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The message in Calderon's war on drugs; some view his use of military as a way to quickly gain support, show security a priority

Location: 
Mexico
Publication/Source: 
Houston Chronicle
URL: 
http://www.chron.com/disp/story.mpl/world/4452336.html

Tijuana Police Force Ordered to Turn In Guns

Location: 
Tijuana, BCN
Mexico
Publication/Source: 
San Diego Union-Tribune
URL: 
http://www.signonsandiego.com/news/mexico/tijuana/20070104-1921-bn04tjcrime.html

Colombia extradites policemen to U.S.

Location: 
Colombia
Publication/Source: 
The Washington Times
URL: 
http://washingtontimes.com/national/20070104-112331-7102r.htm

Feature: Afghan Opium Dilemma Sparks New Calls for Alternative Development, "Normalizing" the Poppy Crop

With Afghanistan's opium crop reaching record levels last year and seemingly destined for a repeat performance this year, lawmakers and officials on both sides of the Atlantic are looking for innovative solutions. Or at least some of them are. Seemingly bereft of new ideas, the US government's official line is that the solution is eradicating as much of the crop as possible with herbicides, as drug czar John Walters announced in Kabul two weeks ago.

http://stopthedrugwar.org/files/poppy2.jpg
incised papaver specimens (opium poppies)
While the Afghan government of President Hamid Karzai has endorsed the notion -- though not yet put it into effect -- it has done so reluctantly, knowing that eradication will infuriate the hundreds of thousands of poor farmers who depend on the poppy harvest to feed their families. As the Karzai government knows full well, angry poppy farmers mean bad times for the government and good times for the resurgent Taliban, which awaits the aggrieved growers with open arms.

But while the US government and a grudging Afghan government are embracing standard drug war tactics, the situation in Afghanistan has created the political space for the consideration of other solutions. Some, such as alternative development proposals, are almost as shop-worn a response as eradication, while others, including various schemes to legitimize the poppy crop, represent a break with the global prohibitionist consensus.

Alternative development -- the substitution of other cash crops for opium poppies and the creation of new economic activities -- is the preferred solution of a number of scholars and non-governmental organizations, as well as the international community as represented by the United Nations and the World Bank. In a highly detailed report on the Afghan opium economy released at the end of November, the World Bank called for a "smart" counter-narcotics strategy featuring both alternative development and law enforcement action against the trade, but even as it did so, it underscored that alternative development would be a long-term -- not a short-term -- solution.

"A 'smart' counter-narcotics strategy will be essential for the effectiveness and sustainability of the fight against drugs," the report noted. "The diversity, flexibility, and dynamic character of the drug industry have been amply demonstrated in recent years. It must be recognized that counter-narcotics efforts -- whether enforcement actions or development of alternative livelihoods -- inevitably cannot be anywhere nearly as nimble or quick as the activities they are targeted against, and they inevitably take time, measured in decades rather than years in the case of alternative livelihoods programs."

But evidence of a "smart" counter-narcotics strategy being implemented is severely lacking. As Afghanistan scholar Barnett Rubin noted in a recent article in Foreign Affairs, the US government failed to consolidate gains it made with a small reduction in the area cultivated in 2005. "Although the decrease was due almost entirely to the political persuasion of farmers by the government, the United States failed to deliver the alternative livelihoods the farmers expected and continued to pressure the Afghan government to engage in counterproductive crop eradication," Rubin wrote. "The Taliban exploited the eradication policy to gain the support of poppy growers."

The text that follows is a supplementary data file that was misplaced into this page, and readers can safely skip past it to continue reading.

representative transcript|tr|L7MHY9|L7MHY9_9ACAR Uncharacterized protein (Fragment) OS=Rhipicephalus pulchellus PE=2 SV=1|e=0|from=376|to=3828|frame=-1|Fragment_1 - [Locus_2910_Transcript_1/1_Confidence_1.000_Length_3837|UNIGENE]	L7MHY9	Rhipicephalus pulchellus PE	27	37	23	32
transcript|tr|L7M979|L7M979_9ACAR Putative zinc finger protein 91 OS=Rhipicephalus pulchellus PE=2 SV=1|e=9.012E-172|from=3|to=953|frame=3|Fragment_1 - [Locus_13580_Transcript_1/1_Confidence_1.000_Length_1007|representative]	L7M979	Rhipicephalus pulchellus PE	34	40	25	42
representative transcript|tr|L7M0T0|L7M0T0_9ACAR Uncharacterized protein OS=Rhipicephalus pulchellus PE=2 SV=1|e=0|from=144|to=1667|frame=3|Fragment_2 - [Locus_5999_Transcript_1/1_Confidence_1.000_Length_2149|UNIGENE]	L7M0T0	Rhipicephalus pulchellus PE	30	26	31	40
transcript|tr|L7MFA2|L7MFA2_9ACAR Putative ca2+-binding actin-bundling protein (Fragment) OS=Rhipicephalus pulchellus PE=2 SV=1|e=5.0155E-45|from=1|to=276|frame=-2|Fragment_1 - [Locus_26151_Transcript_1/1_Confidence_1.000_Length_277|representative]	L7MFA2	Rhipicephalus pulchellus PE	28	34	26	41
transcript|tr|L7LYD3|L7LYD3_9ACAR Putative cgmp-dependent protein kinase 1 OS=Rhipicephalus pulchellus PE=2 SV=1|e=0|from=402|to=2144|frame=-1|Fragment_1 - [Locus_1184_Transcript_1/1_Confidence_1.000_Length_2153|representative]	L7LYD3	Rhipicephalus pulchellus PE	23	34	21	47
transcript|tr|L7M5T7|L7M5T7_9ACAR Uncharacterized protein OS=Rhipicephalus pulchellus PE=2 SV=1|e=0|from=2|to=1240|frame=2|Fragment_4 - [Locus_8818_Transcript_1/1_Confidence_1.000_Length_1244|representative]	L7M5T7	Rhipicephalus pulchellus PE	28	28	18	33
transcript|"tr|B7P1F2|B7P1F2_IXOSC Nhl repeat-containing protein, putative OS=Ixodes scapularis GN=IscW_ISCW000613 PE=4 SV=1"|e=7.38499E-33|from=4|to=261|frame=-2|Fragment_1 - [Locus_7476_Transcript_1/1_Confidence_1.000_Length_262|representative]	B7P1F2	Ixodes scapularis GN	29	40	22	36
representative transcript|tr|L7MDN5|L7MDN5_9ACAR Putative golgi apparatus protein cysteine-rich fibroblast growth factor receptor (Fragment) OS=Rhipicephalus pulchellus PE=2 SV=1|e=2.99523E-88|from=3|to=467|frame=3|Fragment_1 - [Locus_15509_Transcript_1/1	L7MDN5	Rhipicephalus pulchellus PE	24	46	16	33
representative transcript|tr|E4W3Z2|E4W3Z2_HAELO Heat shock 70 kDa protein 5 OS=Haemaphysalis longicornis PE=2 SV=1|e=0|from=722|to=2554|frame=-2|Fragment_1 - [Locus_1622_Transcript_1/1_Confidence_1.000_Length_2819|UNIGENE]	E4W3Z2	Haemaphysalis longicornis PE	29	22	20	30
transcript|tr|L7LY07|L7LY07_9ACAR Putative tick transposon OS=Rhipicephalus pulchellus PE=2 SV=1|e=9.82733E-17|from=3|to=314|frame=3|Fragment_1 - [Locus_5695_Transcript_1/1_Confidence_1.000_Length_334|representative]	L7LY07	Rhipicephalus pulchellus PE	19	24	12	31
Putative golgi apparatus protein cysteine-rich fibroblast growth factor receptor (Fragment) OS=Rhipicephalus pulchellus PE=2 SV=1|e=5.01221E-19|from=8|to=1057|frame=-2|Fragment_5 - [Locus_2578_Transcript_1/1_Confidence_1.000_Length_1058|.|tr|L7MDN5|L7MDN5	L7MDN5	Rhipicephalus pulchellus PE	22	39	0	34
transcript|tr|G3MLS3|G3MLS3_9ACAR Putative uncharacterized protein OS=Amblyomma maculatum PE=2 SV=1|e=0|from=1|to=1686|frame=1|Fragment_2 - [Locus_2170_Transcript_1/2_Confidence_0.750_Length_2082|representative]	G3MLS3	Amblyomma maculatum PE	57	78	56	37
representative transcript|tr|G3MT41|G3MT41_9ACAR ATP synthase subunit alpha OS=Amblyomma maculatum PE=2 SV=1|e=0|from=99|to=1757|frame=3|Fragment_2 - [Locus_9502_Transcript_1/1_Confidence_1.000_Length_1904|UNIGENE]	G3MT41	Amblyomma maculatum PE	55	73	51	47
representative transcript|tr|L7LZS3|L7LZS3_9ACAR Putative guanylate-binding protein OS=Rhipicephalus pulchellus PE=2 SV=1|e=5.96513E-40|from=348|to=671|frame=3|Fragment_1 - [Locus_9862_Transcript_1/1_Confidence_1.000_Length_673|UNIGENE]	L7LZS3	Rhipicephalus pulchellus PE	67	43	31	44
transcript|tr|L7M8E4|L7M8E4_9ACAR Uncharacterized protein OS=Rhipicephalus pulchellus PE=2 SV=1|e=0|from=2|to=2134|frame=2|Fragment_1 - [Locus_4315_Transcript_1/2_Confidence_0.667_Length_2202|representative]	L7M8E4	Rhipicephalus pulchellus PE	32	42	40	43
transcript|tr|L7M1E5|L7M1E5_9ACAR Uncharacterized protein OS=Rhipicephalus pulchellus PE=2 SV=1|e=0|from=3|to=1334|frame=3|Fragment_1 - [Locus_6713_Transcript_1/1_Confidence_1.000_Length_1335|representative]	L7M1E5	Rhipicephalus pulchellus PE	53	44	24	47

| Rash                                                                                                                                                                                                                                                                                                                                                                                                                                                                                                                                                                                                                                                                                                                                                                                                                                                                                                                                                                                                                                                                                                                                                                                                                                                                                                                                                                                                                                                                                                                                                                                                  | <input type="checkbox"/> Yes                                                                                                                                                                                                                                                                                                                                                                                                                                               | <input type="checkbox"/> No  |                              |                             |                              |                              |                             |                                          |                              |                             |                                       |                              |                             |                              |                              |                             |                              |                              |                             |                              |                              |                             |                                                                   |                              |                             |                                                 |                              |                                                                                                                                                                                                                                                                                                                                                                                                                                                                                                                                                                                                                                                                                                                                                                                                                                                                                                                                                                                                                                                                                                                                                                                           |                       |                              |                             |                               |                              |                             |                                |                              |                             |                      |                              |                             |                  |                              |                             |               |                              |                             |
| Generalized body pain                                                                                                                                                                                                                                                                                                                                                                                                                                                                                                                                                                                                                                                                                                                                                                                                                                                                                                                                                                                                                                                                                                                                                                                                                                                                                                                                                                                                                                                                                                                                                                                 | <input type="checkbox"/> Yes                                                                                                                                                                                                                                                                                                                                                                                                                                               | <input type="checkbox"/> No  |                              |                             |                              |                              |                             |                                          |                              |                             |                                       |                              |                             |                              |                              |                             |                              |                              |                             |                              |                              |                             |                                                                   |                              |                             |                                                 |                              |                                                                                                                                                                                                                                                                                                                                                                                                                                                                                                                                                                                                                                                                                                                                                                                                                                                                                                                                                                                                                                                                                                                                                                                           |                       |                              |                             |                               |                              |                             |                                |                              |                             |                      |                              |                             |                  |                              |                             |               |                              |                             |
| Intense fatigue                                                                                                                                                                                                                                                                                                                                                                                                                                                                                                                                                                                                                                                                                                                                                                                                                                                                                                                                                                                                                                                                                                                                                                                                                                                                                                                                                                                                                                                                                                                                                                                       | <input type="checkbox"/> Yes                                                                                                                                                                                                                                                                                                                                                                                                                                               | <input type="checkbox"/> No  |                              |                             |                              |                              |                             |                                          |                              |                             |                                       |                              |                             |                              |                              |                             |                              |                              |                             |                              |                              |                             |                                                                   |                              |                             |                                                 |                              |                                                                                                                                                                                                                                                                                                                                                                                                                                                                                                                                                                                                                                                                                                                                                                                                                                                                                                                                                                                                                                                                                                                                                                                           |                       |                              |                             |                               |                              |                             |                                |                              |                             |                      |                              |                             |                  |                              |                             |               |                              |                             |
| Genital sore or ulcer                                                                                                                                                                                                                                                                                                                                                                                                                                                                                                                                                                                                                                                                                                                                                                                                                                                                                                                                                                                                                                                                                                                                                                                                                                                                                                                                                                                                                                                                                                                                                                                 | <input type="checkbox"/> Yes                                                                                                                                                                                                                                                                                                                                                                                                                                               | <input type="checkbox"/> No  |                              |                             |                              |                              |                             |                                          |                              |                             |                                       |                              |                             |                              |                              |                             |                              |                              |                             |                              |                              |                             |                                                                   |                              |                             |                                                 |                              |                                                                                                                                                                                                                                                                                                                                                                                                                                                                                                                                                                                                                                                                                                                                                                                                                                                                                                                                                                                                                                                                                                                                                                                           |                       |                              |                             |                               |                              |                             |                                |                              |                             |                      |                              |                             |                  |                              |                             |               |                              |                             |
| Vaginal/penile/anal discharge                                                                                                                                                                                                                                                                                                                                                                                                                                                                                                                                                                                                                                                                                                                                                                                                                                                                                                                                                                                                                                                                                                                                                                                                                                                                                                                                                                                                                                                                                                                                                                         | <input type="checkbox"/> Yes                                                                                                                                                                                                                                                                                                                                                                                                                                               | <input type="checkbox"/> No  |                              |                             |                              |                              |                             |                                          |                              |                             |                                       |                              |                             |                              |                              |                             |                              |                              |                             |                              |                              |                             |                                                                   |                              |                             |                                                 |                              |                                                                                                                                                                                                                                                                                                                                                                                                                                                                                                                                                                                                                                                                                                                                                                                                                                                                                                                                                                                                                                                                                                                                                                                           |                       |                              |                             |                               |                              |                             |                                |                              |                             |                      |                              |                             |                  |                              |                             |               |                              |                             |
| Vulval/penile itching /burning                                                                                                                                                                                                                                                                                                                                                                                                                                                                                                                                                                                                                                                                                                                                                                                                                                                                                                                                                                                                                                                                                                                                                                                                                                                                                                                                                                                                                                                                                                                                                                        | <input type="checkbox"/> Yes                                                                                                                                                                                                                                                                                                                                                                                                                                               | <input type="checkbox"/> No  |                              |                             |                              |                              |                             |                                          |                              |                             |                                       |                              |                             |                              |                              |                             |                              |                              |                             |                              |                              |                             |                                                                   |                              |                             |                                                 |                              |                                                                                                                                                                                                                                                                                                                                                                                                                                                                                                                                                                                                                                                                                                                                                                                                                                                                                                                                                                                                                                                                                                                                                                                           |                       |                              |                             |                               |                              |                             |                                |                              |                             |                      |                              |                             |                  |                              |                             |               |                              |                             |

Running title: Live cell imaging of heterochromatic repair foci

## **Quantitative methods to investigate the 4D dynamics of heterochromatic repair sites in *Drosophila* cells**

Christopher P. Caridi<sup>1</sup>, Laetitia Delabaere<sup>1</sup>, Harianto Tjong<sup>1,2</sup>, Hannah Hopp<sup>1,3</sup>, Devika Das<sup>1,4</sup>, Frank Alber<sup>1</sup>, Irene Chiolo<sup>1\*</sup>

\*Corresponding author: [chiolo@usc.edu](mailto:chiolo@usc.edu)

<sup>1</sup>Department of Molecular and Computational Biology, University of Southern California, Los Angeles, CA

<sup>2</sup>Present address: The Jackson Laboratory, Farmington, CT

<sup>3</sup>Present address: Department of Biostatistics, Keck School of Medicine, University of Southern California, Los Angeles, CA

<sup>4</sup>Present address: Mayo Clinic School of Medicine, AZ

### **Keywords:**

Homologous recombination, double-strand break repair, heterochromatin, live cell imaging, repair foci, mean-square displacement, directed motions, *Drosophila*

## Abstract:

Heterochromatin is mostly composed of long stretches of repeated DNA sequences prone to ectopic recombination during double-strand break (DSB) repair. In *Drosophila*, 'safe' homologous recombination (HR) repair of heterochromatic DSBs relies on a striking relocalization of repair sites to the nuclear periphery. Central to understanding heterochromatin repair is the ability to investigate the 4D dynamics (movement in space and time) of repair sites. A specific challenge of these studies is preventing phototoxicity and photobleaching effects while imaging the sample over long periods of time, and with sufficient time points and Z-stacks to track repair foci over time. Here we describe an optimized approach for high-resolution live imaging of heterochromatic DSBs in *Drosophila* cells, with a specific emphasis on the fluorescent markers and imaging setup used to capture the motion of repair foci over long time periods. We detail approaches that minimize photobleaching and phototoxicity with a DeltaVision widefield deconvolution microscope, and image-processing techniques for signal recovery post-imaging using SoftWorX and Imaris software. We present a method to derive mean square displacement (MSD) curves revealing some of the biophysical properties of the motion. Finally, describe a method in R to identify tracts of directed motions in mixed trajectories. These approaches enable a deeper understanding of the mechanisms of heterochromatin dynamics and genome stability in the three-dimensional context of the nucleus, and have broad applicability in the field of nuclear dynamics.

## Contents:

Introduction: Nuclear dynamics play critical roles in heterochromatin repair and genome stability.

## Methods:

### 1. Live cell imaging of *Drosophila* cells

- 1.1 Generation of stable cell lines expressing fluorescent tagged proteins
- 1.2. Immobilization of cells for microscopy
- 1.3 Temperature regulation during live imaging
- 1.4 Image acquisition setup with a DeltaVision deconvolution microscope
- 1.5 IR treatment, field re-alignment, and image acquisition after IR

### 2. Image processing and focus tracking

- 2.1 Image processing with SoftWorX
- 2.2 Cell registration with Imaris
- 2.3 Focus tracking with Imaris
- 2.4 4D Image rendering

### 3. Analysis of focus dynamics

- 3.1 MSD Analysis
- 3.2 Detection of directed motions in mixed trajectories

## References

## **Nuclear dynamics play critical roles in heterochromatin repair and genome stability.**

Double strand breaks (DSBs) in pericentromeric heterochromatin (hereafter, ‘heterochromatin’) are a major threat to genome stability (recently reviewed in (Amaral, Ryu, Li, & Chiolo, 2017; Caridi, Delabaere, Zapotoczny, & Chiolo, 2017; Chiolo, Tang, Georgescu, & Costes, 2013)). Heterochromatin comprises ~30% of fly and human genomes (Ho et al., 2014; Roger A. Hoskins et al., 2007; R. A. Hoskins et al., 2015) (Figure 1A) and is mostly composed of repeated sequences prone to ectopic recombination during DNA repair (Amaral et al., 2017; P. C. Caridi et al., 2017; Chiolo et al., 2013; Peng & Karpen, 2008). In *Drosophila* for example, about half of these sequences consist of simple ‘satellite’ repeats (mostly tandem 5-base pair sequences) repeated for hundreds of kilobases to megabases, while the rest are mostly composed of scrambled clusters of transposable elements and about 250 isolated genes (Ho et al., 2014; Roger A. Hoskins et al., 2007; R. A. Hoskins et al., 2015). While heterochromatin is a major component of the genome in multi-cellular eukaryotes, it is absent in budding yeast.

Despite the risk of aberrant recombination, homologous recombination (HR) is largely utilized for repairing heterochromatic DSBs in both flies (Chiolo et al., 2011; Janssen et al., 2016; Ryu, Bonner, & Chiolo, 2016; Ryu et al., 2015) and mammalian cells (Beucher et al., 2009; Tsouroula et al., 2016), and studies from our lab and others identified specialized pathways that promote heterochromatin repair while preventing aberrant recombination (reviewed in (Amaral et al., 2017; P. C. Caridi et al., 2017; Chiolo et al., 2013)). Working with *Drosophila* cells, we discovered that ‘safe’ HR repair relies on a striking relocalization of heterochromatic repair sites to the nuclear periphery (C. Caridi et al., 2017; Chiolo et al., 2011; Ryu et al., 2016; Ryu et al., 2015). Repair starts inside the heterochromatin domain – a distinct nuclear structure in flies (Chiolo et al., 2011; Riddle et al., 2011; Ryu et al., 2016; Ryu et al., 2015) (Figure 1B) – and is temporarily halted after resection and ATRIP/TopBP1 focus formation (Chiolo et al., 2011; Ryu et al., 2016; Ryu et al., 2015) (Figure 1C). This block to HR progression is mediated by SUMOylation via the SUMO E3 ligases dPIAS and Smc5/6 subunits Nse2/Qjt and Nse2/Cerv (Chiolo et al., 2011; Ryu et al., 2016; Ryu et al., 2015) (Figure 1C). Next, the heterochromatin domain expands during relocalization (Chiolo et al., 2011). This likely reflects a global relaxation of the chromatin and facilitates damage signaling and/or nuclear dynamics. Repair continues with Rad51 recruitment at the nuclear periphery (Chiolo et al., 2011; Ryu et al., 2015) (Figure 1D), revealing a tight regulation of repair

The problem of support for alternative development is not limited to isolated opium growing communities, as Barnett noted. "As numerous studies have documented over the years, Afghanistan has not received the resources needed to stabilize it. International military commanders, who confront the results of this poverty every day, estimate that Washington must double the resources it devotes to Afghanistan. Major needs include accelerated road building, the purchase of diesel for immediate power production, the expansion of cross-border electricity purchases, investment in water projects to improve the productivity of agriculture, the development of infrastructure for mineral exploitation, and a massive program of skill building for the public and private sectors."

And that is the Catch-22 of eliminating the poppy crop through alternative development. While the lack of roads, electric power, and other infrastructure for development make it difficult to get off the ground, let alone sustain alternative development, the opium economy, with its hostility toward interference from the central government and the West and its de facto alliance with insurgents and freelance gun men, makes the creation of such crucial developmental infrastructure almost impossible. In fact, in the face of a revitalized Taliban, some of the non-governmental organizations working on alternative development have fled the opium growing regions.

Rubin is harshly critical of US counter-narcotics policy in Afghanistan, noting that the US at first ignored trafficking by warlords it wanted as allies, then, as the uproar over increasing opium production grew louder, called for crop eradication. "To Afghans," he wrote, "this policy has looked like a way of rewarding rich drug dealers while punishing poor farmers."

After noting that the current global prohibition regime does not reduce drug use, but does produce huge profits for criminals, armed insurrectionists, and corrupt government officials, Rubin recommends treating the opium problem as a security and development issue. But then we are back to Catch-22. Still, he makes certain concrete recommendations: "[R]ural development in both poppy-growing and non-poppy-growing areas, including the construction of roads and cold-storage facilities to make other products marketable; employment creation through the development of new rural industries; and reform of the Ministry of the Interior and other government bodies to root out major figures involved with narcotics, regardless of political or family connections."